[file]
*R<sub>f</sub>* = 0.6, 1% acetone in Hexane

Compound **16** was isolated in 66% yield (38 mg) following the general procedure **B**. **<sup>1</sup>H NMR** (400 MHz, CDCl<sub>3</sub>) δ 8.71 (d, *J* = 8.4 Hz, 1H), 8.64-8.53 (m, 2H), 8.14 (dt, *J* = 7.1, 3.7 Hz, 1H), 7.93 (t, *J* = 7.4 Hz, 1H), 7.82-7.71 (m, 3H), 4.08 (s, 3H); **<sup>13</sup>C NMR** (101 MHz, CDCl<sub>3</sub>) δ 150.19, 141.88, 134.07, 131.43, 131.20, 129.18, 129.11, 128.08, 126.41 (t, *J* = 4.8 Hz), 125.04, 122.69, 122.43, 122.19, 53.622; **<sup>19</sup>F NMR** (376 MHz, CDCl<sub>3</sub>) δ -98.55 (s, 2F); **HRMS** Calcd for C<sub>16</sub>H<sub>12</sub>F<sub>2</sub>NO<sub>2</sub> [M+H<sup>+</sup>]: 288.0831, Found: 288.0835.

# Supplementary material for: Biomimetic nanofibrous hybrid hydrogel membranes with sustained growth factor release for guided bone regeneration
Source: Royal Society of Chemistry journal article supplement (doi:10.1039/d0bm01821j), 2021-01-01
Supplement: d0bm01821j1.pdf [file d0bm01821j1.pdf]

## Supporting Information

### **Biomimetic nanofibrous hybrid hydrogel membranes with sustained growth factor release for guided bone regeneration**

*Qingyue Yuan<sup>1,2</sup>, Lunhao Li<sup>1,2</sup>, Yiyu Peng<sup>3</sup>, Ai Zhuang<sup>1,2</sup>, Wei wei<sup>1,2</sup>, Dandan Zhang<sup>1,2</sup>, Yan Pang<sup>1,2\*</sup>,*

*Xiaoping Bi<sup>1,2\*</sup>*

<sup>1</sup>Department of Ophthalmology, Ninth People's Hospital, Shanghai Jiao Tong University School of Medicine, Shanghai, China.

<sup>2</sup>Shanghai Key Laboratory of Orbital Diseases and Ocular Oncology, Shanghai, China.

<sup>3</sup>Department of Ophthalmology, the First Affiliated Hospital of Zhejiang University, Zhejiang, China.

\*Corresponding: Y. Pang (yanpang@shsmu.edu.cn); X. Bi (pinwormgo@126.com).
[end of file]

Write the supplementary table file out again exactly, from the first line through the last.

*R<sub>f</sub>* = 0.6, 1% acetone in Hexane

Compound **16** was isolated in 66% yield (38 mg) following the general procedure **B**. **<sup>1</sup>H NMR** (400 MHz, CDCl<sub>3</sub>) δ 8.71 (d, *J* = 8.4 Hz, 1H), 8.64-8.53 (m, 2H), 8.14 (dt, *J* = 7.1, 3.7 Hz, 1H), 7.93 (t, *J* = 7.4 Hz, 1H), 7.82-7.71 (m, 3H), 4.08 (s, 3H); **<sup>13</sup>C NMR** (101 MHz, CDCl<sub>3</sub>) δ 150.19, 141.88, 134.07, 131.43, 131.20, 129.18, 129.11, 128.08, 126.41 (t, *J* = 4.8 Hz), 125.04, 122.69, 122.43, 122.19, 53.622; **<sup>19</sup>F NMR** (376 MHz, CDCl<sub>3</sub>) δ -98.55 (s, 2F); **HRMS** Calcd for C<sub>16</sub>H<sub>12</sub>F<sub>2</sub>NO<sub>2</sub> [M+H<sup>+</sup>]: 288.0831, Found: 288.0835.

# Supplementary material for: Biomimetic nanofibrous hybrid hydrogel membranes with sustained growth factor release for guided bone regeneration
Source: Royal Society of Chemistry journal article supplement (doi:10.1039/d0bm01821j), 2021-01-01
Supplement: d0bm01821j1.pdf [file d0bm01821j1.pdf]

## Supporting Information

### **Biomimetic nanofibrous hybrid hydrogel membranes with sustained growth factor release for guided bone regeneration**

*Qingyue Yuan<sup>1,2</sup>, Lunhao Li<sup>1,2</sup>, Yiyu Peng<sup>3</sup>, Ai Zhuang<sup>1,2</sup>, Wei wei<sup>1,2</sup>, Dandan Zhang<sup>1,2</sup>, Yan Pang<sup>1,2\*</sup>,*

*Xiaoping Bi<sup>1,2\*</sup>*

<sup>1</sup>Department of Ophthalmology, Ninth People's Hospital, Shanghai Jiao Tong University School of Medicine, Shanghai, China.

<sup>2</sup>Shanghai Key Laboratory of Orbital Diseases and Ocular Oncology, Shanghai, China.

<sup>3</sup>Department of Ophthalmology, the First Affiliated Hospital of Zhejiang University, Zhejiang, China.

\*Corresponding: Y. Pang (yanpang@shsmu.edu.cn); X. Bi (pinwormgo@126.com).